Reginald (Reggie) Jones, a 72-year-old community activist, vaguely recalls the first time he noticed what was, for most of the 20th century, Indianapolis's only representation of an African American in public art. It's an image of a shirtless, shoeless former slave, holding a set of shackles in his raised right hand, crouching at the bottom of one of the crowded sculptural tableaus garnishing the base of the Indiana Soldiers and Sailors Monument.
"I remember when I was a kid, I used to go down to Monument Circle and kind of crawl all over those statues," Jones says. "I knew what it was, but I didn't know what it represented."
- This oft-overlooked member of the Indianapolis Soldiers and Sailors Monument was the cause of public outcry.
Apparently neither did anyone else. But what a difference a few decades makes. Today that ex-slave represents a lot of things, many of them utterly at odds with each other. To some it symbolizes a hope and celebration for moving forward; to others it calls back memories of inequality. And many see it as a cautionary tale of how a gleaming cultural asset can be scuttled by "popular opinion."
How did one statue, a very small part of a much larger monument, come to be freighted with so much meaning? It began in 2009, when renowned artist Fred Wilson was engaged by the Central Indiana Community Foundation (CICF) to create a work for the Indianapolis Cultural Trail. Wilson, an artist of international renown and winner of a MacArthur Foundation Genius Grant in 1999, proposed making a copy of the ex-slave, putting him on a pedestal, giving him a flag representing the African Diaspora and placing him in front of the City-County Building. The goal of the piece, called E Pluribus Unum, which is Latin for Out of Many, One, was to repurpose the oft-overlooked figure and turn him into a symbol of empowerment.
"I thought that by taking him out of context, he became a man and became something else other than just what was placed on him by the tropes of being in the monument," Wilson told visual arts blogger Tyler Green.
That was the plan, anyway.
Wilson hoped to kindle a discussion about art and race. He got his wish. It just wasn't the discussion that he, or anyone else, expected.
At first the design for E Pluribus Unum got about as much attention as any other piece of Indy-area public art. Which is to say, very little. But all that changed on September 16, 2010, when the Indianapolis Recorder published a letter from Indianapolis city councilman Leroy Robinson. He excoriated the piece, saying (among a great many other things) that building it was the equivalent of erecting a giant lawn jockey.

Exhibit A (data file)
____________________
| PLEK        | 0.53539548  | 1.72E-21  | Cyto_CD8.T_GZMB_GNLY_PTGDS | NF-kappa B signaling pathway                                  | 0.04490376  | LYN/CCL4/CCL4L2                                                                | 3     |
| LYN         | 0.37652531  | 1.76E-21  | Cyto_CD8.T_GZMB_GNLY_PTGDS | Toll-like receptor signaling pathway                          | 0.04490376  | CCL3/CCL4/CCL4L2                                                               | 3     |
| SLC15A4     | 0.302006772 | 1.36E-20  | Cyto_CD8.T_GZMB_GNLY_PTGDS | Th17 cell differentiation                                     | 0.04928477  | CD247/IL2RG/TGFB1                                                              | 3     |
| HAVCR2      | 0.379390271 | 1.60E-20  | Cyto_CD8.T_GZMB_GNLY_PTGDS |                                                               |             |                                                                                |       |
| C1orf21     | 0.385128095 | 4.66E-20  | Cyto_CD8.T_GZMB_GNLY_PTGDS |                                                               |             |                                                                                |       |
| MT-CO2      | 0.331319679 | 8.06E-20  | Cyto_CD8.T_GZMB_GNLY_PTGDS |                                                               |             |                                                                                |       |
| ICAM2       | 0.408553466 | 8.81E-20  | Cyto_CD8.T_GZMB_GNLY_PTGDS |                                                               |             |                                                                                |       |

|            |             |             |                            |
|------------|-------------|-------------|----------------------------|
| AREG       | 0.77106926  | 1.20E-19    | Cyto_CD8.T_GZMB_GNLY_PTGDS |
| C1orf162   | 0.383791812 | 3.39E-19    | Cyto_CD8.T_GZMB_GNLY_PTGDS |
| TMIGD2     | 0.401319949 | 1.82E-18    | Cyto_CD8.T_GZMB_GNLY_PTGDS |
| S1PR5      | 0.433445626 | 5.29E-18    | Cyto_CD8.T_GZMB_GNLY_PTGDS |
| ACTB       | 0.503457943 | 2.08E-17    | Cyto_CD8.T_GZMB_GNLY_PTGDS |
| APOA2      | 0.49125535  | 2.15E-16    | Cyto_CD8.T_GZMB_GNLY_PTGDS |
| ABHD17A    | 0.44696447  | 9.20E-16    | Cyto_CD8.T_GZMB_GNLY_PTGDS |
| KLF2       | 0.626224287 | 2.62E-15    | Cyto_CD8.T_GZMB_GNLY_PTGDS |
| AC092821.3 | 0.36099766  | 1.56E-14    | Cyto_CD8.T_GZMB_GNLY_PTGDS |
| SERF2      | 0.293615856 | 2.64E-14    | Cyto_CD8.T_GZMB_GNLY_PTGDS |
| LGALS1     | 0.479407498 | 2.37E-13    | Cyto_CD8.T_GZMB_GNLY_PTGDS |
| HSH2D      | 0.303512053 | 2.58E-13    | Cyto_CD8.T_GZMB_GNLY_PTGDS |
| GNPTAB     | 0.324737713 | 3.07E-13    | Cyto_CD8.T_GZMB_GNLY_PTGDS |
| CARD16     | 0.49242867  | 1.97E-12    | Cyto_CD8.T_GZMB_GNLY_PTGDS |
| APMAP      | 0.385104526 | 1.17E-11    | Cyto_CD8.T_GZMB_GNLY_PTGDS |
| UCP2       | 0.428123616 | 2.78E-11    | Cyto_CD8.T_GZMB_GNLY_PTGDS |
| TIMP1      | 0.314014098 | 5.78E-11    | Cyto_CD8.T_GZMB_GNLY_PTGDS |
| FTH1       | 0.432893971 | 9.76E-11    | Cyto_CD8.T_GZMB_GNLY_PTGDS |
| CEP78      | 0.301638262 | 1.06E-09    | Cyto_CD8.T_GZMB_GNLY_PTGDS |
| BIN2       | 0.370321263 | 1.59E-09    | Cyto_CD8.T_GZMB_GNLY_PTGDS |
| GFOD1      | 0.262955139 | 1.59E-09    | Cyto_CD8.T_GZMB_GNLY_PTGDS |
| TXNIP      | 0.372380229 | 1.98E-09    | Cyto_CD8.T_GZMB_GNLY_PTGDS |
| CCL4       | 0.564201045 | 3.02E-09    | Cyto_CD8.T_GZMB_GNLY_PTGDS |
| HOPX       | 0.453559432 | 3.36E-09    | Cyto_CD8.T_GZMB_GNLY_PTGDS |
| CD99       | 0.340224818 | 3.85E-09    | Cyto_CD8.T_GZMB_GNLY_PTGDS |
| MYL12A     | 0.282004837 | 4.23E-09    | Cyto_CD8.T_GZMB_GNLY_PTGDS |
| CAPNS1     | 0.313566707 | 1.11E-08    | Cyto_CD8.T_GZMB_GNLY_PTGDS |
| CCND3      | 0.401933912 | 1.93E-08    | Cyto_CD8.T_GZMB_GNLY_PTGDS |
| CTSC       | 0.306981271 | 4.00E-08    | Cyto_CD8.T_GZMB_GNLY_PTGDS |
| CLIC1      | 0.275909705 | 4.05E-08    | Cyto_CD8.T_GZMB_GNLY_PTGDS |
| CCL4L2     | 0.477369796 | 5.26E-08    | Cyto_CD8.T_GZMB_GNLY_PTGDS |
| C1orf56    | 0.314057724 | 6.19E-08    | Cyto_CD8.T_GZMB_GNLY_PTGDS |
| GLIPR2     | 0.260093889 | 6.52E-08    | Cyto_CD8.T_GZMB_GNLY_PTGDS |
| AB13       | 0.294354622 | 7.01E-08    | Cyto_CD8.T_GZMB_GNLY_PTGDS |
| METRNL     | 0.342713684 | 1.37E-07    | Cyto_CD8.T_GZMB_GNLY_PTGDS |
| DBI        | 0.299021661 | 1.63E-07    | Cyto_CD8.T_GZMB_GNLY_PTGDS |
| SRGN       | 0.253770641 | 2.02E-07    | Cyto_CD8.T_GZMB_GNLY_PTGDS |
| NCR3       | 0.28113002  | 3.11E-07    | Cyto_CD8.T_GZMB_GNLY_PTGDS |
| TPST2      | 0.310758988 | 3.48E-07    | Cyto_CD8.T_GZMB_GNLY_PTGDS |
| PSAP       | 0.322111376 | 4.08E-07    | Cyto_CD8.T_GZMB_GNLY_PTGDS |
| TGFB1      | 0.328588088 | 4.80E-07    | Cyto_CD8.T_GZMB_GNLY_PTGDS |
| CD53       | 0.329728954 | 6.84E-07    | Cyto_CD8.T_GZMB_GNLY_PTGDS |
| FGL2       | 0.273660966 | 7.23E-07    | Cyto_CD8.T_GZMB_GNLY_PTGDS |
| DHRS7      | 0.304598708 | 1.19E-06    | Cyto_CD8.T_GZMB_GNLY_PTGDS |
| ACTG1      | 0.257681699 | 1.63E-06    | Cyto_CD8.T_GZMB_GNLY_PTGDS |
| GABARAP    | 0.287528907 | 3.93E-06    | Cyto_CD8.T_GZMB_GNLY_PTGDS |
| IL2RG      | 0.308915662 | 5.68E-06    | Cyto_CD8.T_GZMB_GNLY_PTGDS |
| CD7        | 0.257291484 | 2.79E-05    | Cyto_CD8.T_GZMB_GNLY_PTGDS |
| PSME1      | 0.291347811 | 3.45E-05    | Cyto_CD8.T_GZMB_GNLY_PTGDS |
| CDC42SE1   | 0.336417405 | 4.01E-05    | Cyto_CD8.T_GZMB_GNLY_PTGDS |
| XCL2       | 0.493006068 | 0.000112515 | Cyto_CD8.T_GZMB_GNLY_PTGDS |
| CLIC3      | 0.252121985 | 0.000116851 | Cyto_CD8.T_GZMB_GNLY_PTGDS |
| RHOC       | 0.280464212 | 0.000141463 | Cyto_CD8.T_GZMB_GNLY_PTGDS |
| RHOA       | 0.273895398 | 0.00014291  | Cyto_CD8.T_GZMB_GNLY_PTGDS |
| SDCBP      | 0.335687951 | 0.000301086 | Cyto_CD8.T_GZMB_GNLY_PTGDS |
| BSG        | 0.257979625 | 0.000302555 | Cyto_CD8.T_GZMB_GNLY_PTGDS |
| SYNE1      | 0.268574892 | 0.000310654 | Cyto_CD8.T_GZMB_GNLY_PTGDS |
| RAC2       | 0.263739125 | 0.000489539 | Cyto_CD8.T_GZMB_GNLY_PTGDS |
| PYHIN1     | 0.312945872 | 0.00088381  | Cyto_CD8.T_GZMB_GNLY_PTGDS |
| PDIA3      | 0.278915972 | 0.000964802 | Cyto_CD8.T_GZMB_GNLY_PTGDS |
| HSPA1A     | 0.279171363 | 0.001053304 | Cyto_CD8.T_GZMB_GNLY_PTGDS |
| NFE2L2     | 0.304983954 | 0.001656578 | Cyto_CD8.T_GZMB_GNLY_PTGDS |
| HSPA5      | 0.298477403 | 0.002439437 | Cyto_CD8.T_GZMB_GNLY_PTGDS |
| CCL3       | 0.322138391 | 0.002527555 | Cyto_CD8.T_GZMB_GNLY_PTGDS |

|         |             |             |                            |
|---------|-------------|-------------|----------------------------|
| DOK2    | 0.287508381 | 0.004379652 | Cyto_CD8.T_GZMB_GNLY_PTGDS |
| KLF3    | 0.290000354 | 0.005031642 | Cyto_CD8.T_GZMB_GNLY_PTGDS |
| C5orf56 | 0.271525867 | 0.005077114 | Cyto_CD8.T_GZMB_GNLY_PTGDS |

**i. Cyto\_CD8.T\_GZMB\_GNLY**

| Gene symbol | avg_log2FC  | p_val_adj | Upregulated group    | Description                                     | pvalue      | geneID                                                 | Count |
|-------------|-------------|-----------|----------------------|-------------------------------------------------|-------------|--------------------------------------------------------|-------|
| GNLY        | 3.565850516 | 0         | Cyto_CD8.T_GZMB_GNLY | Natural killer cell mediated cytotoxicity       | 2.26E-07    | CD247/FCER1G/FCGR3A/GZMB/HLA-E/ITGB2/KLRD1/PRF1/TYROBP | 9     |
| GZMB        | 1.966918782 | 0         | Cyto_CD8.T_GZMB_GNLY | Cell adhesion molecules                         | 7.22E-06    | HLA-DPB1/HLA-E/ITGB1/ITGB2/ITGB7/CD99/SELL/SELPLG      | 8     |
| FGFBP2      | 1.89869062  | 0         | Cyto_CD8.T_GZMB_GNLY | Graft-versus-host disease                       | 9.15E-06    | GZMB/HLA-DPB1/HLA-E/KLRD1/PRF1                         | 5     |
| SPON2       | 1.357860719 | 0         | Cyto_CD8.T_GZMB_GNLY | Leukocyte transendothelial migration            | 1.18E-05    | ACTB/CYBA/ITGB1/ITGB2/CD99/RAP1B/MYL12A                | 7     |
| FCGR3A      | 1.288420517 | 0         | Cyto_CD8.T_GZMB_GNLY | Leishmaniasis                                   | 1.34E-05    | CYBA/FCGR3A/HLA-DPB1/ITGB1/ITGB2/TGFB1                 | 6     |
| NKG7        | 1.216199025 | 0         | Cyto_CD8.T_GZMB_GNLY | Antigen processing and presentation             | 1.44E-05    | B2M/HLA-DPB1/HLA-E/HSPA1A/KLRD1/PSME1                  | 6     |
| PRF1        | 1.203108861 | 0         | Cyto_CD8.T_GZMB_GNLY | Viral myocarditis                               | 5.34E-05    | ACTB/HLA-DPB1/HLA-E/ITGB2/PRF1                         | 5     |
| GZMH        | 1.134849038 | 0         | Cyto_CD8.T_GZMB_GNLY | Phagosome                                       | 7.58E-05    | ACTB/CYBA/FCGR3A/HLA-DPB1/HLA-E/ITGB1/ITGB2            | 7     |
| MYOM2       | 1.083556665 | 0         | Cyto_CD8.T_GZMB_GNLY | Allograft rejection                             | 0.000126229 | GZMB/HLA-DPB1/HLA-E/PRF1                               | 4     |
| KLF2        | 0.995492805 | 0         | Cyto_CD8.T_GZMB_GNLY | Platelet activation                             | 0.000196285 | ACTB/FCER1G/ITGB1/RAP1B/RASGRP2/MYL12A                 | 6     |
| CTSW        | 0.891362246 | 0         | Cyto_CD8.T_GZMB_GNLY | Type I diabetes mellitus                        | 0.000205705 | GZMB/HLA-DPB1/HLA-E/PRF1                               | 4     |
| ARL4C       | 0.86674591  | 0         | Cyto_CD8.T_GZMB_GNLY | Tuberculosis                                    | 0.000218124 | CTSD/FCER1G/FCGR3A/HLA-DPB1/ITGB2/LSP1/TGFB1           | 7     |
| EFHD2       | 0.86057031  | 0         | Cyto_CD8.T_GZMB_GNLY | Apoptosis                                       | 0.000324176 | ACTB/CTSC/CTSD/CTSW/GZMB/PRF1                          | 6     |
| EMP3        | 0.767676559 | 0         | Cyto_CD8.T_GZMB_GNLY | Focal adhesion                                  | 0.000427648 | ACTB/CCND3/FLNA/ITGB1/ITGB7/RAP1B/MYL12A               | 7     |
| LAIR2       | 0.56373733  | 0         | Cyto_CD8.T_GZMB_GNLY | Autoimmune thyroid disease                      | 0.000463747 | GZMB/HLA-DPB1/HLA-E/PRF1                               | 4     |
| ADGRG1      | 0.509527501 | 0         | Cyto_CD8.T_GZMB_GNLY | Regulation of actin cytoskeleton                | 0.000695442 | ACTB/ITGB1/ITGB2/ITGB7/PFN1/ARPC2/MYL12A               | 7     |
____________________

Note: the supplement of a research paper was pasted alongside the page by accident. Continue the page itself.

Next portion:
- Artist Fred Wilson envisioned re-purposing the statue to give him a new identity and new meaning.
Things went downhill from there. As the weeks rolled by, the complaints -- mostly but not exclusively from the African-American community -- increased in both number and volume. The work's City-County Building location was criticized because it placed E Pluribus Unum in front of the jail. The decision to recycle the image of an ex-slave, instead of honoring any of a laundry list of memorial-worthy African-American Hoosiers, also caused offense. Even the figure's lack of a shirt and shoes rubbed some people the wrong way. The provocatively named group Citizens Against Slave Images formed to battle the proposal. Public forums held to discuss the work turned into incendiary confrontations.
Not everyone was opposed to the project. Malina Simone Jeffers, local cultural entrepreneur, says, "Fred's project was smart and thought provoking. It would have been a beautiful piece, especially lit at night, that caused reflection on the history of our nation and our city. I love how E Pluribus Unum showed thought differences even within the black community. We were not all opposed to the project: the location, yes, but to the project - no." She was not alone among the voices supporting Wilson's project, but in the end, the angry voices were louder. On Dec. 13, 2011, CICF threw in the towel.